Gareh decided to bring Lee-Gordon on board for a short-term project to see if the connection they both felt was indeed a workplace fit. She still needed to make the case within her employer, Vertex. York University’s Bridging Program staff then connected Gareh to JVS Toronto, where she was able to access an Ontario government hiring and training grant. The grant would cover 40% of Lee-Gordon's salary for fifteen weeks. With this support Gareh was able successfully pitch the project to her superiors: “We were doing something good for someone else, but also ourselves. Fifteen weeks is not a huge risk. If it didn't work, we could walk away.” But, Gareh knew that Lee-Gordon would succeed.
Linda Conforzi, Workforce Specialist, JVS Toronto, says that when employers connect with them, it can be the tipping point for them to provide an IEP with a new opportunity, but at low risk to them: “Employers may not be sure how to work with community agencies. When they see it's a collaborative effort and everyone is working for the client and employer best interests it becomes easier to envision integrating IEPs into their workforce.” Conforzi says that Lee-Gordon's referral from York University for participation in the Mentoring Partnership at JVS was also helpful: “She received support from her Mentor at the City of Toronto, which also contributed to her success in positioning herself in the speed networking event.”
And succeed she has. Lee-Gordon's success story is Vertex's success story. Serendipity also played a role. She was working at Vertex in Summer 2017, impressing Gareh, as expected. In late August 2017, Vertex's HR Assistant went on sick leave and didn't return. Tina needed a payroll person and extended Lee-Gordon's contract until the end of December.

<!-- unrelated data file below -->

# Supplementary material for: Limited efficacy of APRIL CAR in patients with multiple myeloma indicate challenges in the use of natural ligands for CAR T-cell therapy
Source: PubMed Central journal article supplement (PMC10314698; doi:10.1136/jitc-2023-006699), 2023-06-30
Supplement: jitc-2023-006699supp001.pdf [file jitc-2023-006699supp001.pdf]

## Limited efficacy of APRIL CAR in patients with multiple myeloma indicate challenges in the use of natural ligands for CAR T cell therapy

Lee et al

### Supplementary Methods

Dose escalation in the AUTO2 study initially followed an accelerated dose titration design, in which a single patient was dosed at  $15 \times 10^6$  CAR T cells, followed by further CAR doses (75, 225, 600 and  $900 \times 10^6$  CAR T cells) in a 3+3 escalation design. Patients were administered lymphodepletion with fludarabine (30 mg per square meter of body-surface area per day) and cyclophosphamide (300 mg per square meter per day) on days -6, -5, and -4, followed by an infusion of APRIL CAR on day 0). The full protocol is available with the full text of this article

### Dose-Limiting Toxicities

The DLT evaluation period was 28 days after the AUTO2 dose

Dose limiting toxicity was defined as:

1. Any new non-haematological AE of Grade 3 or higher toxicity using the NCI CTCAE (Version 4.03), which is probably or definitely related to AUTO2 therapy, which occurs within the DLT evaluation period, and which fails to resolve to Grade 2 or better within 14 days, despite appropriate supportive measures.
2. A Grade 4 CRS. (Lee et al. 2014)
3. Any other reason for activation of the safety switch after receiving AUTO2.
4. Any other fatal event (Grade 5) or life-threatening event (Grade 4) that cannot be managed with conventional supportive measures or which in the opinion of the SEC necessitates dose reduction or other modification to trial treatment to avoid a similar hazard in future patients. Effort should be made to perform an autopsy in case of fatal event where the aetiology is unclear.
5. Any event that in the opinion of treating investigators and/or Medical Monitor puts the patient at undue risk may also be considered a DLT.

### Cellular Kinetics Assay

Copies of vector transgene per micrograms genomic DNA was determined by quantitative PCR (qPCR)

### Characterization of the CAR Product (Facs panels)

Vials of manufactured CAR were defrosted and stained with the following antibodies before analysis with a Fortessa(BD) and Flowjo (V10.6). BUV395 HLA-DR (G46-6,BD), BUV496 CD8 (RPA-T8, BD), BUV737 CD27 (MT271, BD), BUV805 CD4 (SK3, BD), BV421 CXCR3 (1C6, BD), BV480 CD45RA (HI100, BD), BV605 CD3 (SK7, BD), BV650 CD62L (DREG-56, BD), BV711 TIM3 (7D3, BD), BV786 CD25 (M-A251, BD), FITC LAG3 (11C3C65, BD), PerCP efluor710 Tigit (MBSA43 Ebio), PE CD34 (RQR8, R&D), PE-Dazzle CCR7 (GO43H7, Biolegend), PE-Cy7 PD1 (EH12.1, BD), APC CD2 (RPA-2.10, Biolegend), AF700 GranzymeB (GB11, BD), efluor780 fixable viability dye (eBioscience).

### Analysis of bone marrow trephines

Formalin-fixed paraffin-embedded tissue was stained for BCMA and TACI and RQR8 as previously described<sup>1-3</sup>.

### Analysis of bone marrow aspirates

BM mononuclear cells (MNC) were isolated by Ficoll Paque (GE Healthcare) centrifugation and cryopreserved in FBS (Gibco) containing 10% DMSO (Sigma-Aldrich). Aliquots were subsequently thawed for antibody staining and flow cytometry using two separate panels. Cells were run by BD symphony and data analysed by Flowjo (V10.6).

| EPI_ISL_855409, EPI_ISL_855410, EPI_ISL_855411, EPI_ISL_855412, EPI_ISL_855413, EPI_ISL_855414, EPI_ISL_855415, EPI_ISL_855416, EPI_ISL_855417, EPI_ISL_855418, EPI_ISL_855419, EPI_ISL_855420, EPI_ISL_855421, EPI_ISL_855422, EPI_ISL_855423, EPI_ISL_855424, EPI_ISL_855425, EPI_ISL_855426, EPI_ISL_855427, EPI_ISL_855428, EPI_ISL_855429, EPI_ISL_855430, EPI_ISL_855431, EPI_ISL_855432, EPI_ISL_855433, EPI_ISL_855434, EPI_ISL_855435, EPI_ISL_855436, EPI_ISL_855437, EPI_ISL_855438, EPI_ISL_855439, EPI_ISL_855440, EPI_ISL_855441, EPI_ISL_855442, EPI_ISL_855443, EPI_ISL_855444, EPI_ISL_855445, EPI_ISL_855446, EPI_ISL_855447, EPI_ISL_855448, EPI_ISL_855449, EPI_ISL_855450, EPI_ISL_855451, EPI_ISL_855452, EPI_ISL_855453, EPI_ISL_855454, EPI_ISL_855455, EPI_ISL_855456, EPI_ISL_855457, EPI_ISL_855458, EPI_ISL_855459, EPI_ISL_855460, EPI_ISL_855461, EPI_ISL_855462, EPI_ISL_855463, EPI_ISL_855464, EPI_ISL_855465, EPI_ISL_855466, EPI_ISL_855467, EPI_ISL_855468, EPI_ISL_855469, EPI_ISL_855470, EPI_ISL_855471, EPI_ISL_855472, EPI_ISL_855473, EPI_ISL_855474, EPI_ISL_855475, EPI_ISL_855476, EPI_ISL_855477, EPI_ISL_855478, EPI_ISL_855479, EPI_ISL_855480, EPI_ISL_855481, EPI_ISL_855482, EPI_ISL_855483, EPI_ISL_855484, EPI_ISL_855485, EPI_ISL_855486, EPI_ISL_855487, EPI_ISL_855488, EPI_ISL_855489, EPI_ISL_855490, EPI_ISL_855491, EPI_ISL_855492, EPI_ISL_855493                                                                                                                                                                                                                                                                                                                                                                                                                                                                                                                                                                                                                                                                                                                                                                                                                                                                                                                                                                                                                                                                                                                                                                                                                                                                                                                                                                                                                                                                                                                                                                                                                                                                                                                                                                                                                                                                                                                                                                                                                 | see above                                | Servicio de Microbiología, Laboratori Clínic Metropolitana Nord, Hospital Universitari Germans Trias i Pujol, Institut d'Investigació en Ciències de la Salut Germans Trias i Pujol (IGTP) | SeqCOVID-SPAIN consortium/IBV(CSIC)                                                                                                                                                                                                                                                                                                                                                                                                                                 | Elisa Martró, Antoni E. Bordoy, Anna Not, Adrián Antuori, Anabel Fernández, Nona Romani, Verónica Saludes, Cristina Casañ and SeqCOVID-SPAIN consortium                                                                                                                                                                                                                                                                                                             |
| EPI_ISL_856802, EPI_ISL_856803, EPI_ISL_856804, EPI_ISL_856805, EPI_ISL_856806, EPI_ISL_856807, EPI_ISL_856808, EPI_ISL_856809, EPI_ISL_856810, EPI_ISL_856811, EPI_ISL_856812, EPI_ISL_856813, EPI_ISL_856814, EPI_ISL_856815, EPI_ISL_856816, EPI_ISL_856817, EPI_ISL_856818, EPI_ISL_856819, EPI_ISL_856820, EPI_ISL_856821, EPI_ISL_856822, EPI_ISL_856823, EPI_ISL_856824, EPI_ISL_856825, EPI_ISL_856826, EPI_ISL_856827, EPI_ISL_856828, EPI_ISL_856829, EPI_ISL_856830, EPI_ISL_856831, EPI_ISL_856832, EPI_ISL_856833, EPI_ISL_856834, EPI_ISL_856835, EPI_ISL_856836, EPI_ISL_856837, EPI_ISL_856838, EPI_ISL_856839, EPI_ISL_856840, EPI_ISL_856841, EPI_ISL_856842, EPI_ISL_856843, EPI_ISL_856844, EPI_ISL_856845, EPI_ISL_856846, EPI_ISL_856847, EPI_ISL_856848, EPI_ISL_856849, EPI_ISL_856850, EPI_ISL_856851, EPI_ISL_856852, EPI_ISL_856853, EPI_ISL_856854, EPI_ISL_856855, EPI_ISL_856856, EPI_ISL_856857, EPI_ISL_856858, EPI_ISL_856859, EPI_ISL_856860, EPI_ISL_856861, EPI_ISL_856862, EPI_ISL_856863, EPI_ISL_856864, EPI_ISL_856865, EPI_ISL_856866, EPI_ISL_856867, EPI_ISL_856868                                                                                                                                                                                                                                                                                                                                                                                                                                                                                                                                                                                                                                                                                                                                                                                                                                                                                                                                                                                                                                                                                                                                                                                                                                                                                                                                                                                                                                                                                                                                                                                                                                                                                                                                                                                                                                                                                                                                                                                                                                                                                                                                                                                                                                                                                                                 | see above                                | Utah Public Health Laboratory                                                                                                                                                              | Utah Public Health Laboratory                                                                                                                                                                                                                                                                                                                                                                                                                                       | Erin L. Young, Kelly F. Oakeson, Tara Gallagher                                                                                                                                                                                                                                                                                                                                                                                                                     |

Doing payroll was a new experience for Lee-Gordon. She had managed payroll staff before, but hadn't herself worked on the intricacies of doing payroll for 150 employees in four locations; three different manufacturing plants and a corporate office.
Gareh trained her. It was challenging – both conceptually and in terms of technology – but she pushed Lee-Gordon to learn. She learned quickly and took payroll on herself. For Gareh, pushing Lee-Gordon was useful for her company, but also for Lee-Gordon's future: “Payroll people are indispensable in HR. What Lee-Gordon is learning can help secure her future in HR. After a year of experience, she'll be able to choose whatever role she wants in payroll within HR.”
At the end of December, Gareh convinced management at Vertex that they needed to hire Lee-Gordon in a more permanent role. Gareh sees her developing into an HR manager in the company if she stays. There are opportunities there. She understands that Lee-Gordon sees the job as a stepping stone. Lee-Gordon wants to get back to an executive level eventually. But she can also grow within Vertex.
And, Gareh says, mergers and acquisitions, an area where Lee-Gordon has plenty of experience, are coming. Gareh will need additional HR support as the company grows. She is actively mentoring and grooming Lee-Gordon. The more Gareh can increase Lee-Gordon's skill level and give her responsibility, the more Lee-Gordon will be successful in her career, and at Vertex.
This is a story of individual and corporate success. Gareh found an untapped pool of talent she didn't know about previously. She was glad to find York University’s IEP Bridging Program through the help of the Workforce Planning Board, and Lee-Gordon.
It's also a story about connections and partnerships. Many pieces of the puzzle came together to help Vertex find the talent it needed. From the Workforce Planning Board of York Region's employer engagement and education, to a hiring manager willing to give an IEP an opportunity to JVS Toronto's partnership with York University’s IEP Bridging Program that enabled access to grants and subsidies to make the opportunity possible. The rigorous preparation Marlene undertook at the York HR Bridging Program, and the students' excellent talent and drive, helped both an IEP and a York company find success.
Marlene is one of hundreds of students who participate in York’s IEP Bridging Programs for HR, IT and Business professionals. This program offers a ready pool of talent and staff eager to help employers connect and advertise opportunities at no-cost to them. To find out more about how the program can help you promote your brand contact email@example.com This program offers a ready pool of talent and staff eager to help employers connect and advertise opportunities at no-cost to them.